Based on my reading of this I understand $S$ to be used to denote the calculated variation in observed data, $\sigma$ is used to represent the expected underlying variation of the data. In reality you can only ever know $\sigma$ if you have an artificial situation that you have created yourself (e.g. through simulation).
Power calculations are answering the question
'If reality is the way I understand it to be, what will I observe?'
Empirical calculations are answering the question
'If reality is the way I have measured it, what can I infer about the underlying reality?'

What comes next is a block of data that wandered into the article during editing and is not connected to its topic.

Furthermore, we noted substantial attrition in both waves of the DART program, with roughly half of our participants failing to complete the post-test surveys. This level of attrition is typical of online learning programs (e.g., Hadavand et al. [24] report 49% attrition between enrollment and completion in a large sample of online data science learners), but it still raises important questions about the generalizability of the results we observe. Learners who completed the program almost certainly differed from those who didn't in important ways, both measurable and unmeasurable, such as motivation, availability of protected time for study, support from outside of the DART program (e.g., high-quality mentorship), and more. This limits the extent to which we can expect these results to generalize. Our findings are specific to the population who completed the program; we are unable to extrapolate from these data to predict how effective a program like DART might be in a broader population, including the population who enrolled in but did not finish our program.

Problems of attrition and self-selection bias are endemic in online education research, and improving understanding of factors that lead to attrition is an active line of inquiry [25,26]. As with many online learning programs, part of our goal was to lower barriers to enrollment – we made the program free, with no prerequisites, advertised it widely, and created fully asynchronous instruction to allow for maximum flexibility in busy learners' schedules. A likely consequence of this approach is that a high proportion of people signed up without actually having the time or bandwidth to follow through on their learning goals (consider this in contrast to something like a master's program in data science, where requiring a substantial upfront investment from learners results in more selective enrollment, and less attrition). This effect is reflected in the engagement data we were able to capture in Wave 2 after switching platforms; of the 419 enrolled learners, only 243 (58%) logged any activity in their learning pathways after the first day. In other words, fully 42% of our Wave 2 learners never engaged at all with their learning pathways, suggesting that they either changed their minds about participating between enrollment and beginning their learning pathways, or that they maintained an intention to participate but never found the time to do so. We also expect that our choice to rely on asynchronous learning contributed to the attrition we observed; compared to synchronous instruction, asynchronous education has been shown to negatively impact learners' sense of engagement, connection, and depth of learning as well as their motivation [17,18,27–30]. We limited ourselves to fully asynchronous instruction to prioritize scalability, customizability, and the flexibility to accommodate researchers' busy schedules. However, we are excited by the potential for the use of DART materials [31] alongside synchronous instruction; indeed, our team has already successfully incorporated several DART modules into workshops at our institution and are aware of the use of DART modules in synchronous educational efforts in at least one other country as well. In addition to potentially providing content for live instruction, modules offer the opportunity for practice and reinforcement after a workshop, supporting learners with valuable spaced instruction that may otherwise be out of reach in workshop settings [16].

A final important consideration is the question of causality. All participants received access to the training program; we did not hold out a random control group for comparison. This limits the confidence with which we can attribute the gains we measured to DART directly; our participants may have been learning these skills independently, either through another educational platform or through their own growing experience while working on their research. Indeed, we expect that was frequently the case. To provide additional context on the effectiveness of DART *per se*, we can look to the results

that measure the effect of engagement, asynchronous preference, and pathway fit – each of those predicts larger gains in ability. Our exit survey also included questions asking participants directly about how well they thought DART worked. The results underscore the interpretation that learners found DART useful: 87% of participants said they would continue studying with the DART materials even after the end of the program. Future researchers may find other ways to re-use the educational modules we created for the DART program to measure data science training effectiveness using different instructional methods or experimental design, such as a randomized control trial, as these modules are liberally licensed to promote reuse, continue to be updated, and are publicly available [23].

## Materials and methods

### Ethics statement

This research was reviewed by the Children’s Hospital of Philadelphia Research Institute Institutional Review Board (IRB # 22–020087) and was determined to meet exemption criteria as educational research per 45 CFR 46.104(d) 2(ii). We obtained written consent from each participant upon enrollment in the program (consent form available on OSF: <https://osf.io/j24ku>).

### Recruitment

So one is based on what we expect the true variation to be and the other on what we measure it to be, hence the alternate use of $\sigma$ and $S$
One might raise the objection that our estimate of $\sigma$ will be based on $S$, but this is precisely why post-hoc power analysis is not very informative - it becomes a circular argument. $\sigma$ is best independently estimated a priori.